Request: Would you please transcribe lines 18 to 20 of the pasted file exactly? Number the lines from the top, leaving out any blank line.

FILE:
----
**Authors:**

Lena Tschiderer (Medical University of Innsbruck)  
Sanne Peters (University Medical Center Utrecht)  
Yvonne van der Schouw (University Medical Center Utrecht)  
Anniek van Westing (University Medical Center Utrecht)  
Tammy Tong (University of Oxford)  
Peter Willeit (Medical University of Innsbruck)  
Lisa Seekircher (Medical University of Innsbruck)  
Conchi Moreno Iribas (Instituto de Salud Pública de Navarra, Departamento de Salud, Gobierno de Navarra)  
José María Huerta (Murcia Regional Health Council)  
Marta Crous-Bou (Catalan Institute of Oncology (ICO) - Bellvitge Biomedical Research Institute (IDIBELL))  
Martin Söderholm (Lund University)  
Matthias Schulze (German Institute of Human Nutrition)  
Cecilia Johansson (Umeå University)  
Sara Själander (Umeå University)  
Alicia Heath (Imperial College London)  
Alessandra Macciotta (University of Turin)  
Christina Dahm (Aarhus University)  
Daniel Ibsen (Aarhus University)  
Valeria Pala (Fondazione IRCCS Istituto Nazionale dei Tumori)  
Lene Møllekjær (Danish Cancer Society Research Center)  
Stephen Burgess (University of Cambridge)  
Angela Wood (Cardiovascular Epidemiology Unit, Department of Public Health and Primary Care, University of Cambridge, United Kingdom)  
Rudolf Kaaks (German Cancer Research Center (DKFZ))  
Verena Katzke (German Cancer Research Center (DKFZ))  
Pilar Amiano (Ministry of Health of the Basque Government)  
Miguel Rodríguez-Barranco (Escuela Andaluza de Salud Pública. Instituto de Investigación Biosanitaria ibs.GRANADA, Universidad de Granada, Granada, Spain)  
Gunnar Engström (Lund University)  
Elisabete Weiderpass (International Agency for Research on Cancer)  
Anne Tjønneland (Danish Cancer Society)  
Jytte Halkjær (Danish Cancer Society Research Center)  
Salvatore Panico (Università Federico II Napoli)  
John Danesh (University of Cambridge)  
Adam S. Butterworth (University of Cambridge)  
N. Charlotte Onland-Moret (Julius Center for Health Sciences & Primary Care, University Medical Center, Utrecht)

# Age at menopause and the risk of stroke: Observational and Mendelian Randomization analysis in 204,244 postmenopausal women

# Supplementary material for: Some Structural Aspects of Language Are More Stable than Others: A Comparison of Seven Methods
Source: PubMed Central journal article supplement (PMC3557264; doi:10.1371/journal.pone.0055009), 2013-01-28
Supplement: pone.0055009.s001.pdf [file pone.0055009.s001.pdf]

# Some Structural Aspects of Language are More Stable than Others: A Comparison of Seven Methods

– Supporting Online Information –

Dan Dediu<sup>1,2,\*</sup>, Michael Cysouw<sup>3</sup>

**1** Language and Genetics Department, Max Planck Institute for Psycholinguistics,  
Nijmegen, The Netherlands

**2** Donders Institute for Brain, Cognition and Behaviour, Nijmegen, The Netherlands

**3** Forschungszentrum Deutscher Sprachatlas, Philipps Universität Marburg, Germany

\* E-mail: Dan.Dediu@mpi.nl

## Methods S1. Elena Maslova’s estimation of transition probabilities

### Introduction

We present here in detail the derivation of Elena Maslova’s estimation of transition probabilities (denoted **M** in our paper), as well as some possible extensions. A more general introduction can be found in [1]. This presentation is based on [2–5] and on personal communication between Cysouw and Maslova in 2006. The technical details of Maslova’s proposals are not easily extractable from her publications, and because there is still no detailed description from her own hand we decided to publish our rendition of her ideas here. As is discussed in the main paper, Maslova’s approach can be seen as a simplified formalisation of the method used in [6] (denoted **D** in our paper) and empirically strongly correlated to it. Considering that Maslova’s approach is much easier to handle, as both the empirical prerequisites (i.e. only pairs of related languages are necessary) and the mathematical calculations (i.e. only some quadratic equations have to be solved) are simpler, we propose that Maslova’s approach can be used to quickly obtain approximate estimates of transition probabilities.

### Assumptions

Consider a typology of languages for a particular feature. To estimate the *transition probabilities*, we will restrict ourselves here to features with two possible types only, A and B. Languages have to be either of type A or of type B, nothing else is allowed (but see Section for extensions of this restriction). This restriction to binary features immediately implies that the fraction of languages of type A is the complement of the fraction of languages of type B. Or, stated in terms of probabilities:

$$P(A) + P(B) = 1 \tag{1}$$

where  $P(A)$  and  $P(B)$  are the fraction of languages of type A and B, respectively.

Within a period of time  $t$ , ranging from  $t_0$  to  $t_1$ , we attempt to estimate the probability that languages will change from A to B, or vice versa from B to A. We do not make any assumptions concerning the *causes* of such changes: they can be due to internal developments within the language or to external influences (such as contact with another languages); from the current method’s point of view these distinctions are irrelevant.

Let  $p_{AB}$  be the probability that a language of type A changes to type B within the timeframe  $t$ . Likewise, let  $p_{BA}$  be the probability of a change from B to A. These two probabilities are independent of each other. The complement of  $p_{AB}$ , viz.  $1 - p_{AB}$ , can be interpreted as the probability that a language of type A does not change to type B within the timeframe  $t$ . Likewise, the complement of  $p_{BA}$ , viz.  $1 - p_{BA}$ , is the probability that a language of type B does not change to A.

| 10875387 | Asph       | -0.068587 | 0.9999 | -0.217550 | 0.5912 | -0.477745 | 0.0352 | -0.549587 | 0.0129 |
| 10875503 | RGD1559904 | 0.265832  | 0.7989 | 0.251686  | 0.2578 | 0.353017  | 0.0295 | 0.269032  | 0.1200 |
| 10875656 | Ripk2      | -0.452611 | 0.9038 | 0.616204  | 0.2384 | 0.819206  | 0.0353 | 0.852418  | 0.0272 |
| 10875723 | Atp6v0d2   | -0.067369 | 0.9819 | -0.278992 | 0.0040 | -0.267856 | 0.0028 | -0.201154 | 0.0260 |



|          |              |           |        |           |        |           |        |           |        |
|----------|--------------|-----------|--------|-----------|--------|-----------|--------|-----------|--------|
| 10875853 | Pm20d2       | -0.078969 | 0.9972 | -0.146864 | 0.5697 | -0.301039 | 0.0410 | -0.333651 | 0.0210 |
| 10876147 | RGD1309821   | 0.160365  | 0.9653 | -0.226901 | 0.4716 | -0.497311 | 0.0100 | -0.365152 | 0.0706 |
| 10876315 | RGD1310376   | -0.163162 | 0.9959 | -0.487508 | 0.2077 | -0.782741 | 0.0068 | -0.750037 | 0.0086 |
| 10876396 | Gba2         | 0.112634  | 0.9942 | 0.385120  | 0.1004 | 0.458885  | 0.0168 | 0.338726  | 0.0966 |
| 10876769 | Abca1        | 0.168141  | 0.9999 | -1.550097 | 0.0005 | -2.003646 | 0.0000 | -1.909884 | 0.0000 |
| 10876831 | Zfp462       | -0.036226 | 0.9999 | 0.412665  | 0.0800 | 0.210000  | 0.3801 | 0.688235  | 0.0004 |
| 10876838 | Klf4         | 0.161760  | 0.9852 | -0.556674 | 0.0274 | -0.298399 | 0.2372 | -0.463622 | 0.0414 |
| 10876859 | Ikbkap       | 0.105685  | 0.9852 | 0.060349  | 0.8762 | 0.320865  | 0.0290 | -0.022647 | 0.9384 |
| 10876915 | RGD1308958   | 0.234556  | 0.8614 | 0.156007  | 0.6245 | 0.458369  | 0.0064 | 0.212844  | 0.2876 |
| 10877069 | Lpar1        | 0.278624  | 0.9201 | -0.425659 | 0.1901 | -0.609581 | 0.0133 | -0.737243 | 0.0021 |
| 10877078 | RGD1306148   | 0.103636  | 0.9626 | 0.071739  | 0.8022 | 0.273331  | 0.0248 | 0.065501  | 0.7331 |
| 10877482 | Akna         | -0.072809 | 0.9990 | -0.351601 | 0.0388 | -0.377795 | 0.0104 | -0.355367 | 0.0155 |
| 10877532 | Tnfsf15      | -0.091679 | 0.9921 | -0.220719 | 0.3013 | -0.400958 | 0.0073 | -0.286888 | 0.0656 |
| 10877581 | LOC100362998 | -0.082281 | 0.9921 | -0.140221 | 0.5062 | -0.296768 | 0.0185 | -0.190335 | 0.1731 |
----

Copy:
Christina Dahm (Aarhus University)  
Daniel Ibsen (Aarhus University)  
Valeria Pala (Fondazione IRCCS Istituto Nazionale dei Tumori)  